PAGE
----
It's Christmas Eve. And for most of us, thank God, it's almost over.
We've been too preoccupied with a lot of "holiday" crap to enjoy a real joyous sense of a true Christmas.
Once again, we've been subjected to an unrelenting bombardment of the usual "holiday" commercial advertising and promotions that numb our senses.
Once again, we have been incessantly exposed to the typical, almost contrived, altruistic news stories and publicized drives reaching out to the poor and needy. (My question is why most people can't be so attuned and generous year round?)
Once again, we've had to endure another year of a continuous stream of an ever-growing number of inane Christmas songs, movies, "holiday" specials and other programming to the point where it's impossible even to watch TV or listen to the radio. I used to look forward to that great Frank Capra classic starring Jimmy Stewart and Donna Reed, It's a Wonderful Life, the only really good Christmas movie ever made. But they don't play it anymore on television.
Once again, we have eaten and drunk too much, spent way more than we should on credit cards and, totally distracted, really haven't gotten much work done the last few days. It even affects Washington. I believe that if this fiscal crisis we are facing had been in July, it would have been resolved already. Obviously, President Obama and Congress were just too preoccupied with all the Christmas stuff that they couldn't keep their head in the compromise game. They too were just too stressed with Christmas travel plans to Hawaii and their home states.
And once again, when Christmas is supposed to be a holiday of peace and benevolence, we've witnessed the annual acrimonious "War on Christmas" debate about nativity scenes displayed by municipalities and whether "Merry Christmas" should be allowed to be publicly used in advertising.
It seems to take a big toll on us. Knowing that a big family gathering for my office landlord was in the offing, I asked her the other day how all her Christmas preparations were going. All she could say before she walked away quickly, her voice lowered and her words coming out in a very blunt manner, was, "It's all so stressful."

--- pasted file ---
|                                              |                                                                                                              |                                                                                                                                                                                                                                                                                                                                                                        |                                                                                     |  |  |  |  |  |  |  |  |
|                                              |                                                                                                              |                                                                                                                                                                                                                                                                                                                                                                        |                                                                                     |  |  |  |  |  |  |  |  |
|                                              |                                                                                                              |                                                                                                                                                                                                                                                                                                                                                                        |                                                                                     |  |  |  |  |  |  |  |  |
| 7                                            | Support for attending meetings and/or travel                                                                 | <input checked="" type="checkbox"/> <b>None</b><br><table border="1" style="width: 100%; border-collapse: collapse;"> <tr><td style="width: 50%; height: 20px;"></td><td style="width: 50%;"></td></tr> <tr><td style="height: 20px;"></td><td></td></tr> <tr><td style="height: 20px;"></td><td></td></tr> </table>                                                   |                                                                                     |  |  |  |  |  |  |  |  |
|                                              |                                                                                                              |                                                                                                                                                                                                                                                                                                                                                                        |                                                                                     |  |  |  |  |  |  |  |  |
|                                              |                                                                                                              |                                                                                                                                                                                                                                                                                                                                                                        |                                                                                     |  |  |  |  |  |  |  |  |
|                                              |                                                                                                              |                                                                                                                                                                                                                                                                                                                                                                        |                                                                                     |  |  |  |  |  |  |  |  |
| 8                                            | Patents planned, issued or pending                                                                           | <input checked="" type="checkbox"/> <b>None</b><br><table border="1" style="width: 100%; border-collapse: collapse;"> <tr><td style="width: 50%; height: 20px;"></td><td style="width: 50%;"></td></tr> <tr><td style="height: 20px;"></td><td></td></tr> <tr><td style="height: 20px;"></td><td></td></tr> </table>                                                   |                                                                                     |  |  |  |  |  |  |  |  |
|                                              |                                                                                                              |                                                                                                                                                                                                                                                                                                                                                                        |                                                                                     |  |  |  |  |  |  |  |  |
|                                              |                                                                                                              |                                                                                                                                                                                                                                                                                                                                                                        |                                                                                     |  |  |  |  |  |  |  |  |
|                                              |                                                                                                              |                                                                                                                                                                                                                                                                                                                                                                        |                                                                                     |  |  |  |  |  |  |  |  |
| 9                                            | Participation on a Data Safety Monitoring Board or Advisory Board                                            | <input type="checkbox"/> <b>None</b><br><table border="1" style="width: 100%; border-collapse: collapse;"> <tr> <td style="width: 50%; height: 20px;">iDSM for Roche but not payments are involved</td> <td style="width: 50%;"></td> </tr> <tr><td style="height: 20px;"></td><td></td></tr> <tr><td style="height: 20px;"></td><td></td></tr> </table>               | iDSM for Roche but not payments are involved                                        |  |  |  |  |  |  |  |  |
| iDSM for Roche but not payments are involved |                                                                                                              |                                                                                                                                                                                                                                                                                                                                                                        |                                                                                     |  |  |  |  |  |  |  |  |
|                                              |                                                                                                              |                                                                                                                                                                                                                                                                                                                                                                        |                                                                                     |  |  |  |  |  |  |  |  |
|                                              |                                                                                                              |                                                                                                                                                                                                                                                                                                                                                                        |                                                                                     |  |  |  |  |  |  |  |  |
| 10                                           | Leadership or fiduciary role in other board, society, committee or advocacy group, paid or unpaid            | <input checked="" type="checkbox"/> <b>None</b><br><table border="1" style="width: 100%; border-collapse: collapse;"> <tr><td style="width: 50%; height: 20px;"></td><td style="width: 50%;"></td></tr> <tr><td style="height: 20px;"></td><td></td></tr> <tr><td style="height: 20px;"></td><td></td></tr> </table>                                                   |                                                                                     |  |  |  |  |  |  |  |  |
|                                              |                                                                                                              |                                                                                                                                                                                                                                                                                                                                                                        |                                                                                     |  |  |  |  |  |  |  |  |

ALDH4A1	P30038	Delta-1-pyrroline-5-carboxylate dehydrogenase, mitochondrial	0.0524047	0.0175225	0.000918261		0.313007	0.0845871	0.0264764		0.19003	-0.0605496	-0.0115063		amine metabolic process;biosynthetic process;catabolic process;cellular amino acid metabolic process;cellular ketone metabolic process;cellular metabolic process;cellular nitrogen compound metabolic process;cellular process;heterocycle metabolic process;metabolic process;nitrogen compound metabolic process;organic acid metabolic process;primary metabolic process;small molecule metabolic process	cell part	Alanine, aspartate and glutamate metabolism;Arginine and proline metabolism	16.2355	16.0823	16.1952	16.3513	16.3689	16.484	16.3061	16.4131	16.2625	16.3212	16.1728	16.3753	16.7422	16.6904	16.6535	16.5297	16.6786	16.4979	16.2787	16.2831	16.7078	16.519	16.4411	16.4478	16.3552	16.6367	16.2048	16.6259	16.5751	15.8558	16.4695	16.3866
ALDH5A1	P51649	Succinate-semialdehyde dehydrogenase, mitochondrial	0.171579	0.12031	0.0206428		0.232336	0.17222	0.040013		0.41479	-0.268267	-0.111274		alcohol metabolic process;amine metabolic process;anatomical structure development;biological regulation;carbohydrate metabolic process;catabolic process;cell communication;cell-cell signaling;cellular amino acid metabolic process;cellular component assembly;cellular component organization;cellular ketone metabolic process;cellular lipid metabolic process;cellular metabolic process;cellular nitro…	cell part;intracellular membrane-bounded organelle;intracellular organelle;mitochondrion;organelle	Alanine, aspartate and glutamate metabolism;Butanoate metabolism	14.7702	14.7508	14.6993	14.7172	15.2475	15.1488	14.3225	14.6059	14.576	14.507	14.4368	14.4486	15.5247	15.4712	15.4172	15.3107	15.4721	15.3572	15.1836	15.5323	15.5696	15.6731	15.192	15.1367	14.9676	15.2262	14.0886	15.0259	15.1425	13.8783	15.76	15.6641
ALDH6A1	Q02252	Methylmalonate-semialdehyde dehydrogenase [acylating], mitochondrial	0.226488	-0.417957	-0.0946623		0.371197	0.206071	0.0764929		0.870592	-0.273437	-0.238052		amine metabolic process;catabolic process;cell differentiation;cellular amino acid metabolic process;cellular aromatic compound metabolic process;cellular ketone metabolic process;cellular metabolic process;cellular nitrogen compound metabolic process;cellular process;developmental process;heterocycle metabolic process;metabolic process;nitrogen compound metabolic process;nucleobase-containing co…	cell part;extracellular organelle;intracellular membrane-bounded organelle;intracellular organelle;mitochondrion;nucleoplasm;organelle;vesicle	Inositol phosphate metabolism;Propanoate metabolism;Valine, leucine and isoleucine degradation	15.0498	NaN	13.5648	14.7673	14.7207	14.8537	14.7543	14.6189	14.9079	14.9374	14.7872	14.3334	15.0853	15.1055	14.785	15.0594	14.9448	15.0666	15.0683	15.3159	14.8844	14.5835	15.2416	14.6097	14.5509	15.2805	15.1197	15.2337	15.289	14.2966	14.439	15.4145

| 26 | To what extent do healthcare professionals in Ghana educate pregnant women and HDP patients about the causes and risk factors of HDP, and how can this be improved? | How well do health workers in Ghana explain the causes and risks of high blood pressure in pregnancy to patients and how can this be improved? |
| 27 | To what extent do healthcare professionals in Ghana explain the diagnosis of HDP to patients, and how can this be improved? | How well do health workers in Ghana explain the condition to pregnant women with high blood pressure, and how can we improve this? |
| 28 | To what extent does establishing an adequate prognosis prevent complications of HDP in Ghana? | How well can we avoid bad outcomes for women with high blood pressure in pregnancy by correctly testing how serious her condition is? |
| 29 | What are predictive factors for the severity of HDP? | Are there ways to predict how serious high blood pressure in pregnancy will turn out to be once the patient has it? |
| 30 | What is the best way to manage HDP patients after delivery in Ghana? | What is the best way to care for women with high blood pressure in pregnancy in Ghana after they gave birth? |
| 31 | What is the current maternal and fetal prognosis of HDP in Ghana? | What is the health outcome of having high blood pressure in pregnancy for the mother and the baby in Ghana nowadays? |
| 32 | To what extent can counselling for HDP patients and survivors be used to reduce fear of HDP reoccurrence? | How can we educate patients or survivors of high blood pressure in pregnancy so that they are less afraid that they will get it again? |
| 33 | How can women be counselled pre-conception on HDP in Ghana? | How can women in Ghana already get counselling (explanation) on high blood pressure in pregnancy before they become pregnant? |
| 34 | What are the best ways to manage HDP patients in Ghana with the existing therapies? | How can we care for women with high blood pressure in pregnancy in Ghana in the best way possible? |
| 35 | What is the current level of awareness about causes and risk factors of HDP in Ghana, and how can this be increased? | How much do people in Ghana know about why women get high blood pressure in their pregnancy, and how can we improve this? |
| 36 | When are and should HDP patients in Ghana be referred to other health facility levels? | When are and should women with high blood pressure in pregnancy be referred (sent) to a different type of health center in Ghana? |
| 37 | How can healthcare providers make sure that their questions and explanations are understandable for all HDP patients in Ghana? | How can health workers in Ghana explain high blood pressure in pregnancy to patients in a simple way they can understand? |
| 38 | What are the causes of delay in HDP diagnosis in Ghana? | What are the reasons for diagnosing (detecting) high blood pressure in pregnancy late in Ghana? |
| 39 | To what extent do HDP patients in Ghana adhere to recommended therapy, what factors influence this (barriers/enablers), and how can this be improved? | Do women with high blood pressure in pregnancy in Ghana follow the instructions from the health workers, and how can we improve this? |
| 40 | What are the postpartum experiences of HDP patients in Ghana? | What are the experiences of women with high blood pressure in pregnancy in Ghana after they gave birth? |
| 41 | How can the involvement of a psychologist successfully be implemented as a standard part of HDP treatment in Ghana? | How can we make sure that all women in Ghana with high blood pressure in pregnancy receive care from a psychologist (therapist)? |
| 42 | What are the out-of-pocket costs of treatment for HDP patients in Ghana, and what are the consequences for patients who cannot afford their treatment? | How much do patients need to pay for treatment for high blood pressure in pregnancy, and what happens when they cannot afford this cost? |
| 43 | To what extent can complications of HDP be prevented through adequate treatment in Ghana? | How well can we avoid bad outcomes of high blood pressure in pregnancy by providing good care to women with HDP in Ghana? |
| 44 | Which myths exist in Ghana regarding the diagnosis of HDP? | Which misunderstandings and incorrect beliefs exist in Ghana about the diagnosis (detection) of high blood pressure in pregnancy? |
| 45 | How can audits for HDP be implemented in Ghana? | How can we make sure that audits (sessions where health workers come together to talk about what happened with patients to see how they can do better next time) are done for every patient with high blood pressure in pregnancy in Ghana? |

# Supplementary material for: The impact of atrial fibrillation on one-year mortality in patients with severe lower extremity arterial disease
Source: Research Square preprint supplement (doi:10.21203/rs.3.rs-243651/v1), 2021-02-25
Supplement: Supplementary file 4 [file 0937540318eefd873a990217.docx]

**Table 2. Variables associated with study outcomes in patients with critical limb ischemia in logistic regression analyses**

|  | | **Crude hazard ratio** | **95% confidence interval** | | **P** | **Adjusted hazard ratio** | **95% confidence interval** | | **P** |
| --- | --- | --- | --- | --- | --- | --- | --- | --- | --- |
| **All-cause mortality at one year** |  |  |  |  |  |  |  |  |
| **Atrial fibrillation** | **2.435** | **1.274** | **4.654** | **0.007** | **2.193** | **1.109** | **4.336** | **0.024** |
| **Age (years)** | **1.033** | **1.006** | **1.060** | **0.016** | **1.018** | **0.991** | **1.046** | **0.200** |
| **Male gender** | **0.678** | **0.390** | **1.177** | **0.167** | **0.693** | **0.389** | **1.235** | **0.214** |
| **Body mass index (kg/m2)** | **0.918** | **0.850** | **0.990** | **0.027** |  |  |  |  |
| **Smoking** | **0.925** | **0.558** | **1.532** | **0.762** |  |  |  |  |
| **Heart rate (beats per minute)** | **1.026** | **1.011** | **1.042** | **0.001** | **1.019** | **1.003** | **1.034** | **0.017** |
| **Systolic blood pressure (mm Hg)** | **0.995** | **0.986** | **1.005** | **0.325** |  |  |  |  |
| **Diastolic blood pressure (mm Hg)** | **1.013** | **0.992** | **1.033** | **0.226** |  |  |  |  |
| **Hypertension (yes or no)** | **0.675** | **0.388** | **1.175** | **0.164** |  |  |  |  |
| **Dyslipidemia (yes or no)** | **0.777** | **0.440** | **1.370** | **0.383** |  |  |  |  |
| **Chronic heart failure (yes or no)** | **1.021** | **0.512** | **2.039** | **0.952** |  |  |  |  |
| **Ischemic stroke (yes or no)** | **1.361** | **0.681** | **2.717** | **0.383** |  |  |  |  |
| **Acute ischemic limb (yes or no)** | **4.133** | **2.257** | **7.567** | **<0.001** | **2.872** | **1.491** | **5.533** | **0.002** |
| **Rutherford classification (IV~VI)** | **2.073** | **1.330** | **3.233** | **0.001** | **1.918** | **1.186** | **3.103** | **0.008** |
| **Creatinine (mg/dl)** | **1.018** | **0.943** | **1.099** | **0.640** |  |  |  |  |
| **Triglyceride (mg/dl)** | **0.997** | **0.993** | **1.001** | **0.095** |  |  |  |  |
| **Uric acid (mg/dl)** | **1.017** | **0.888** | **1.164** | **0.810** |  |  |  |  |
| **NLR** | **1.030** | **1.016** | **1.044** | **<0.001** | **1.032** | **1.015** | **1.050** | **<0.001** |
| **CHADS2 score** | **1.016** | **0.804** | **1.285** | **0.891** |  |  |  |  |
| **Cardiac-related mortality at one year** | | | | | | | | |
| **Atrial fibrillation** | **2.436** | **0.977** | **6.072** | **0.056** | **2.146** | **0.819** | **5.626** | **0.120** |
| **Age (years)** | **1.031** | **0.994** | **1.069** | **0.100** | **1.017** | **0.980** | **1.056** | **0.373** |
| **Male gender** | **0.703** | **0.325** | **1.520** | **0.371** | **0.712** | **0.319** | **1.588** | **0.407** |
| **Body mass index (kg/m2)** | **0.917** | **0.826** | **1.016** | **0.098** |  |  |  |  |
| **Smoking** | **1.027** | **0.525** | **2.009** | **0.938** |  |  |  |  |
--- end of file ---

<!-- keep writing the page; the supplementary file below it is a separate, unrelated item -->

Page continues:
I'm Jewish, so I never have celebrated, and maybe never understood Christmas. Instead, I have stood outside of it all, contemplating this "holiday" anxiety that my Christian friends feel each year.
During childhood, the anxiety wasn't there. All I saw then was how elated my Christians friends about their new toys after Christmas. As a kid, I always felt I was missing out on something big.
But as I grew older, I even felt ambivalent about Christmas. I remembered in high school reading about the Christmas cease fires during the World Wars and listening to newscasters describe the ones that took place in Vietnam. I questioned my parents -- why they'd ever go back to fighting the next day? They couldn't give me a coherent answer. It never made sense to me, then and now.
And as I grew up, I found that the real Scrooges of the world did not have Christmas revelations at all but truly ran their businesses and our world without real humanity or Christmas spirit. When I practiced family law, Christmas Eve also became a time of aggravation when client's called incessantly, complaining about missed times for drop offs of kids pursuant to court orders and child-custody agreements.
Though this year, I have to say, there was one news item that gave me hope, and some understanding about the true Christmas spirit.
Over the weekend, the pope granted a truly gracious Christmas pardon to his former butler, Paolo Gabriele, who had been convicted and sentenced to a prison term for leaking Vatican documents and materials to the Italian press.
Gabriele had been a faithful servant of the pope and the Vatican, and had hoped in an altruistic sense that his actions would clean up corruption and debauchery within the Vatican walls, which he felt was impugning the pope's reputation.
In a truly noble act, the pope went and delivered the pardon personally to Gabriele in his prison cell.
The picture released of the encounter captures a Gabriele with a smile that instantly conveys a sense of joy and relief from both the pardon and from being again in the stoic pope's presence.
That picture captured a truly joyous, Capra Christmas moment, showing that Christmas can still be a merry and forgiving holiday after all.
Published in "Florida Voices" on December 24, 2012
Steven Kurlander is an attorney and communications strategist who writes weekly columns in the "Sun Sentinel" and "Florida Voices." He blogs Kurly's Kommentary and can be emailed at firstname.lastname@example.org
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